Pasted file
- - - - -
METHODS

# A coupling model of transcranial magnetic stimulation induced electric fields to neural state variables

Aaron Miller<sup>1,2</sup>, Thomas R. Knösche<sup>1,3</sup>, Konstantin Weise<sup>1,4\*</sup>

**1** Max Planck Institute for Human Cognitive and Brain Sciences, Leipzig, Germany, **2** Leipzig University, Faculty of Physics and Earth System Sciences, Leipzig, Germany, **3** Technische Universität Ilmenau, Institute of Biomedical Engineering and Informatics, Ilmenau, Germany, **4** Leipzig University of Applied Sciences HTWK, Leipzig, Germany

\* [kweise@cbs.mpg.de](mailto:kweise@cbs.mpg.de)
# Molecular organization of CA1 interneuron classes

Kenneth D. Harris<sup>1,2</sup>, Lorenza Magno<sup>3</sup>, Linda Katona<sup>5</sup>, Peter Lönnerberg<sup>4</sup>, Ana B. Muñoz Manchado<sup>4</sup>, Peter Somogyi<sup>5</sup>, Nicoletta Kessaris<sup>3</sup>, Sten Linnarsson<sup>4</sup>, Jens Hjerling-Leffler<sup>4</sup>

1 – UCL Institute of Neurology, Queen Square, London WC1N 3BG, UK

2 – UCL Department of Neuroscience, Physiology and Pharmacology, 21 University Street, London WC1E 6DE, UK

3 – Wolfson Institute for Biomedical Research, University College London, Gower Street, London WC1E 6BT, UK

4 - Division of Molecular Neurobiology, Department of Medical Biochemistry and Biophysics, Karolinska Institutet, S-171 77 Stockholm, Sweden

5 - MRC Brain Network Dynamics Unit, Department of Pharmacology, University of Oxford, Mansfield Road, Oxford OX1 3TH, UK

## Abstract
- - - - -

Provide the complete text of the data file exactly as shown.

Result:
METHODS

# A coupling model of transcranial magnetic stimulation induced electric fields to neural state variables

Aaron Miller<sup>1,2</sup>, Thomas R. Knösche<sup>1,3</sup>, Konstantin Weise<sup>1,4\*</sup>

**1** Max Planck Institute for Human Cognitive and Brain Sciences, Leipzig, Germany, **2** Leipzig University, Faculty of Physics and Earth System Sciences, Leipzig, Germany, **3** Technische Universität Ilmenau, Institute of Biomedical Engineering and Informatics, Ilmenau, Germany, **4** Leipzig University of Applied Sciences HTWK, Leipzig, Germany

\* [kweise@cbs.mpg.de](mailto:kweise@cbs.mpg.de)
# Molecular organization of CA1 interneuron classes

Kenneth D. Harris<sup>1,2</sup>, Lorenza Magno<sup>3</sup>, Linda Katona<sup>5</sup>, Peter Lönnerberg<sup>4</sup>, Ana B. Muñoz Manchado<sup>4</sup>, Peter Somogyi<sup>5</sup>, Nicoletta Kessaris<sup>3</sup>, Sten Linnarsson<sup>4</sup>, Jens Hjerling-Leffler<sup>4</sup>

1 – UCL Institute of Neurology, Queen Square, London WC1N 3BG, UK

2 – UCL Department of Neuroscience, Physiology and Pharmacology, 21 University Street, London WC1E 6DE, UK

3 – Wolfson Institute for Biomedical Research, University College London, Gower Street, London WC1E 6BT, UK

4 - Division of Molecular Neurobiology, Department of Medical Biochemistry and Biophysics, Karolinska Institutet, S-171 77 Stockholm, Sweden

5 - MRC Brain Network Dynamics Unit, Department of Pharmacology, University of Oxford, Mansfield Road, Oxford OX1 3TH, UK

## Abstract